“I am from the Government. Trust Me I am here to help”

Over the weekend, the Governor announced disaster declarations for several counties, making help available in areas ravaged by storms. Local officials hoping the same declaration would be made in Western Wisconsin won’t likely see this happen. Damage estimates failed to add up making us ineligible for assistance.

When disaster strikes the first action by local officials is to protect life and property. People are rescued, roads are opened and power is restored. Of the dozens of locals with whom I have spoken no one knew the mayor, town chair or village president also has the job of estimating damages and sending reports to county officials. No one realized without damage estimates, disaster declarations could not happen.

Most county emergency officials got on the phone after the storms and let people know they needed paperwork. One did not.

Consequently, when estimates for the storms of mid August were sent to Wisconsin Emergency Management (WEM), one county’s numbers were missing. Without the paperwork, not only was no assistance available to that county, but the entire region’s assistance hung in the balance. The Federal Emergency Management Agency (FEMA) had inspected other areas and, in some cases, lowered damage estimates reducing the total below the required threshold. We all needed the missing numbers.

Last Friday, more than a month after the storm, FEMA was finally in the county whose numbers had been missing. It was my second day with FEMA. The first I spent with three very competent men. Representing county, state and federal government, the men worked together and helped the local officials do a careful assessment of damage.

But what happened there was, evidently, not to be repeated. After talking with local people across our area, a grim picture emerged. Officials at WEM and FEMA did not communicate with local people. Clerks were not given the information they needed to make estimates. Some estimates were missing or wildly inaccurate. Damaged areas were not adequately inspected. Town chairs were not notified when FEMA arrived and discretion given state and federal officials was not used to help.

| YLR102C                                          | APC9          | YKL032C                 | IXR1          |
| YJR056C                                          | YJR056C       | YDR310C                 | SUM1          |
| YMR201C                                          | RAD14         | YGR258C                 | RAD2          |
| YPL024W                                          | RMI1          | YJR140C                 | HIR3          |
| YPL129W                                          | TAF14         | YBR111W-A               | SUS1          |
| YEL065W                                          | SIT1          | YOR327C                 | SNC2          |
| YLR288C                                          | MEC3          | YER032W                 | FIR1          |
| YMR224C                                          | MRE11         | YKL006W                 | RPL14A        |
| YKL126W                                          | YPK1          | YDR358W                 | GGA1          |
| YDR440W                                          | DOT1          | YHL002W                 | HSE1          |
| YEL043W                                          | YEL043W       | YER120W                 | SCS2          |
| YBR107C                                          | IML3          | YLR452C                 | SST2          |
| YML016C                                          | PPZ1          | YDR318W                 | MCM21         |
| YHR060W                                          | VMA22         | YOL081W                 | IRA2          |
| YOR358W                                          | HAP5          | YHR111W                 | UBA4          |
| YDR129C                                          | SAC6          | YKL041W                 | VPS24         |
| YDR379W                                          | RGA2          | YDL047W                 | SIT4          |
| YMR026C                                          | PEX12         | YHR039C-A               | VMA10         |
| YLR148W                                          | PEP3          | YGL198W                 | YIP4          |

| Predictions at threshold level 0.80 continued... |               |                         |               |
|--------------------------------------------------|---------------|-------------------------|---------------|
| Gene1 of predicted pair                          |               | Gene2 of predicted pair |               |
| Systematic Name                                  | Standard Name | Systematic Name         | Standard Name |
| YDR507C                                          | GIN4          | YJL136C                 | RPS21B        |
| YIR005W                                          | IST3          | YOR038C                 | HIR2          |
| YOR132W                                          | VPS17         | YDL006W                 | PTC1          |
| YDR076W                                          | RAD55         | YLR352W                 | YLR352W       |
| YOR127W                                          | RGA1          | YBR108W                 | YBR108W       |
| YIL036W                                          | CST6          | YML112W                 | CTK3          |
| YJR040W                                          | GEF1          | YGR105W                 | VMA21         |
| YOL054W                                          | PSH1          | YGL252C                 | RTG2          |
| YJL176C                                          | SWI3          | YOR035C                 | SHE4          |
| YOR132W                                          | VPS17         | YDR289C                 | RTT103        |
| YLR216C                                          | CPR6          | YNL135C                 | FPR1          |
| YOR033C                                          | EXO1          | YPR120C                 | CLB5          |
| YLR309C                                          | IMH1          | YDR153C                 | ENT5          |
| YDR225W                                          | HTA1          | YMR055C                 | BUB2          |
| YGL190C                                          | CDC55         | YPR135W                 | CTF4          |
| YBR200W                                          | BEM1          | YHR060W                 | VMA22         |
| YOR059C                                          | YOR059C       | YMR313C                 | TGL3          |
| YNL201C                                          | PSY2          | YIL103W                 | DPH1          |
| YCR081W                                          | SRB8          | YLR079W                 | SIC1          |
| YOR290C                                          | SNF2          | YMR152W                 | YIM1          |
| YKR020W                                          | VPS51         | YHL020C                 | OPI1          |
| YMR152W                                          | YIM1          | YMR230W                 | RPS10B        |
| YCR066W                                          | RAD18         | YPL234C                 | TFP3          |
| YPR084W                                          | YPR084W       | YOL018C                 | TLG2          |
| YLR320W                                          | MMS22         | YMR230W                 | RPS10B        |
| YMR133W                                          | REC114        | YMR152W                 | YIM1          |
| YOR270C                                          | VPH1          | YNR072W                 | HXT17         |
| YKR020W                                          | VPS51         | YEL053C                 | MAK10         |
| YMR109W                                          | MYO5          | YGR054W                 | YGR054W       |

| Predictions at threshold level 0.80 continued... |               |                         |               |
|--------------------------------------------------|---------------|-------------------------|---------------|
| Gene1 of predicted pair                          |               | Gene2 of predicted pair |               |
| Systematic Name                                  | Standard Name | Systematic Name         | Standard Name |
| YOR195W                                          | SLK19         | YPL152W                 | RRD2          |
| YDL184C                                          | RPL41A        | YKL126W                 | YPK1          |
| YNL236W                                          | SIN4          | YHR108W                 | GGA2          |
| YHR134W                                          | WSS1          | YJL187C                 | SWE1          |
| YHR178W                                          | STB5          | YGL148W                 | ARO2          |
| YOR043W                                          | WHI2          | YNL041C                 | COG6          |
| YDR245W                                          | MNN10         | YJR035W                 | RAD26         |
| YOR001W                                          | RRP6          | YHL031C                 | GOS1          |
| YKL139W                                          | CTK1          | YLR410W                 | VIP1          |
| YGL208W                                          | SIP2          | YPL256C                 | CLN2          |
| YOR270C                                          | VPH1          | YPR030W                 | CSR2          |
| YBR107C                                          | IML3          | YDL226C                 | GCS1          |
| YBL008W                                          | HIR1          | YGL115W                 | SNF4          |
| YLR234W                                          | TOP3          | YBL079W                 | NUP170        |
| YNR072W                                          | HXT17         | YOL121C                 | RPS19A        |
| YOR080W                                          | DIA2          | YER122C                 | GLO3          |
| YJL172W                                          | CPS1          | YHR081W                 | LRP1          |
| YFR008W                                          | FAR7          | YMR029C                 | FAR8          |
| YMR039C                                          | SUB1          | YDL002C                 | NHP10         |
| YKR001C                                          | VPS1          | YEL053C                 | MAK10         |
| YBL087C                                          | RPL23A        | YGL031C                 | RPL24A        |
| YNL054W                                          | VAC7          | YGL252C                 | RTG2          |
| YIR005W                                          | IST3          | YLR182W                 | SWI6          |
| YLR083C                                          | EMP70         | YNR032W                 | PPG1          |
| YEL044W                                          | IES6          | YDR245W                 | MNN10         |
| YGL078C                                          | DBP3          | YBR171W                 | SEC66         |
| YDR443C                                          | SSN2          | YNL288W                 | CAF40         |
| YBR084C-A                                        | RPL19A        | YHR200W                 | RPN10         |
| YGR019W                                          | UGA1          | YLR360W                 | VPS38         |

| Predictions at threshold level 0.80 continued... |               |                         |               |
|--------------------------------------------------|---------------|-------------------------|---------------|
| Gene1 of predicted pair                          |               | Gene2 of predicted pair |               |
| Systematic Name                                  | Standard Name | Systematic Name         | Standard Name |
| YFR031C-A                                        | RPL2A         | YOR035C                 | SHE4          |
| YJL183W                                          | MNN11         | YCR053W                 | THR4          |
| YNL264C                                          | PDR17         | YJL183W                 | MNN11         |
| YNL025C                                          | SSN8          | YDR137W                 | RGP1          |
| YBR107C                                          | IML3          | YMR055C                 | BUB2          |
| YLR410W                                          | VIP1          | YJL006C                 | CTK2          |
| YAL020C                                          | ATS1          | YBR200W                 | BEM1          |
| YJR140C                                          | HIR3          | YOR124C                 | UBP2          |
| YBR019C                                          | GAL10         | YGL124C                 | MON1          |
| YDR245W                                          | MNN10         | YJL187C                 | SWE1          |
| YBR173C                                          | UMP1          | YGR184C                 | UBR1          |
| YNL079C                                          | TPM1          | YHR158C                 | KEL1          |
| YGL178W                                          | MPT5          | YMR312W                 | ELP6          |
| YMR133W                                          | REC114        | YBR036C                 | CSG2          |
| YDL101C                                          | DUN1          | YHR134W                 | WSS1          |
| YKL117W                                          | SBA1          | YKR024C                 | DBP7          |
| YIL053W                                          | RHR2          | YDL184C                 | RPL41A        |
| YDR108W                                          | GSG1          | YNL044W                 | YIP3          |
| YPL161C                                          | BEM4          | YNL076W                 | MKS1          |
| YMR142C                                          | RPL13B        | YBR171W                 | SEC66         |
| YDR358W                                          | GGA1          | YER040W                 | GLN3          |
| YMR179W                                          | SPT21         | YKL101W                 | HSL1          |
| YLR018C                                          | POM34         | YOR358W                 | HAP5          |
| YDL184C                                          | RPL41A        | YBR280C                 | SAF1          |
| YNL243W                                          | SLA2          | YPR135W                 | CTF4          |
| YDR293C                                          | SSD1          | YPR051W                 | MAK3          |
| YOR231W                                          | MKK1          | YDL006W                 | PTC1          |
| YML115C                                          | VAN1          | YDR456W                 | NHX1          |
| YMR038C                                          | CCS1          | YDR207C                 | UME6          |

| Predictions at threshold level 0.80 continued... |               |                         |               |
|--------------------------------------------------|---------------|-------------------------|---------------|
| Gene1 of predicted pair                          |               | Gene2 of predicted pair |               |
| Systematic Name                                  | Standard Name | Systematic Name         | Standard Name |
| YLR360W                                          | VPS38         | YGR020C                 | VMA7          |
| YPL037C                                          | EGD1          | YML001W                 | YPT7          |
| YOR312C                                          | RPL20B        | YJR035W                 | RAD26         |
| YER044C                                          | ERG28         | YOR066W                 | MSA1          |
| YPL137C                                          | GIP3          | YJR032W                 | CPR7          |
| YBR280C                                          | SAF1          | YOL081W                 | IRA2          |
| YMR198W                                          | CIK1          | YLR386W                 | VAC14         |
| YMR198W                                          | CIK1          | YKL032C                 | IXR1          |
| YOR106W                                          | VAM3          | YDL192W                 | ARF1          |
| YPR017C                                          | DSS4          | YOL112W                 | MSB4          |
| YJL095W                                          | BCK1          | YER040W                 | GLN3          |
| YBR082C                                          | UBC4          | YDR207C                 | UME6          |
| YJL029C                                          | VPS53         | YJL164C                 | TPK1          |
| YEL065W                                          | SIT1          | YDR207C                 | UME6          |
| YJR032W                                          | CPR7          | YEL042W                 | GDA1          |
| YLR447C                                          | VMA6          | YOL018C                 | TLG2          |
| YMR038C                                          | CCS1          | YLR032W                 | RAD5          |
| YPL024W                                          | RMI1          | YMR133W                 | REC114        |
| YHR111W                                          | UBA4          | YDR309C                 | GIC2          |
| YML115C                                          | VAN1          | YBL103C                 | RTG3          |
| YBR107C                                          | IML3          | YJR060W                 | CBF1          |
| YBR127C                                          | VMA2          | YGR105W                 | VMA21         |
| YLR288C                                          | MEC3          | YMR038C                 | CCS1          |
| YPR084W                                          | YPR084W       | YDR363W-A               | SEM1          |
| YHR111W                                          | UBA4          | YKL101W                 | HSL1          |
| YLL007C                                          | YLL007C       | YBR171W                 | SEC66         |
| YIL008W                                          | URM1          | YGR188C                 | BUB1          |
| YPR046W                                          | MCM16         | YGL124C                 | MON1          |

For example, I was told FEMA had discretion to look at how much was left in the town budget. But when a town chair related he had an entire budget of $190,000 and a bridge replacement of over $200,000 he was brushed off. Instead a state official shoved him a copy of the state statute- a page of Wisconsin’s law book. “Maybe this will help,” she said. The page was indecipherable.

When asked why one county had its estimates dramatically reduced, I was told many projects did not make the $1,000 minimum. Officials had discretion to combine damage made into one project to make the $1,000 minimum. “If we can see the areas of damage, they can be counted as one,” I was told.

The county is very hilly. One road had ten ‘wash-outs’ within a half of a mile. But twisty roads made it impossible to see one area to the next. So a county with hills is penalized over a flat county?

A local mayor was discouraged when his carefully prepared damage estimate was taken apart by FEMA. The officials told him why one expense after another did not qualify because it didn’t fit into correct categories.

The frustrated mayor was told sand bagging the edges of the city-owned lake didn’t count because the property being protected was private. Rescue efforts to save vaccines didn’t count even under the ‘health and safety’ category because the clinic was private!

We pleaded with FEMA officials to count the cost of fixing the lake that had significantly silted-in because of the storm. FEMA said the “sediment doesn’t hurt anything” and didn’t fit into any category.

“We’ve got categories,” the FEMA official told the mayor.

In the van on the way home, the government officials joked with each other about the parking tickets they were going to have parked all day in a two-hour spot.

“We’ll just put it under our ‘parking’ on our expense account,” said one and they all laughed.

FEMA’s got categories.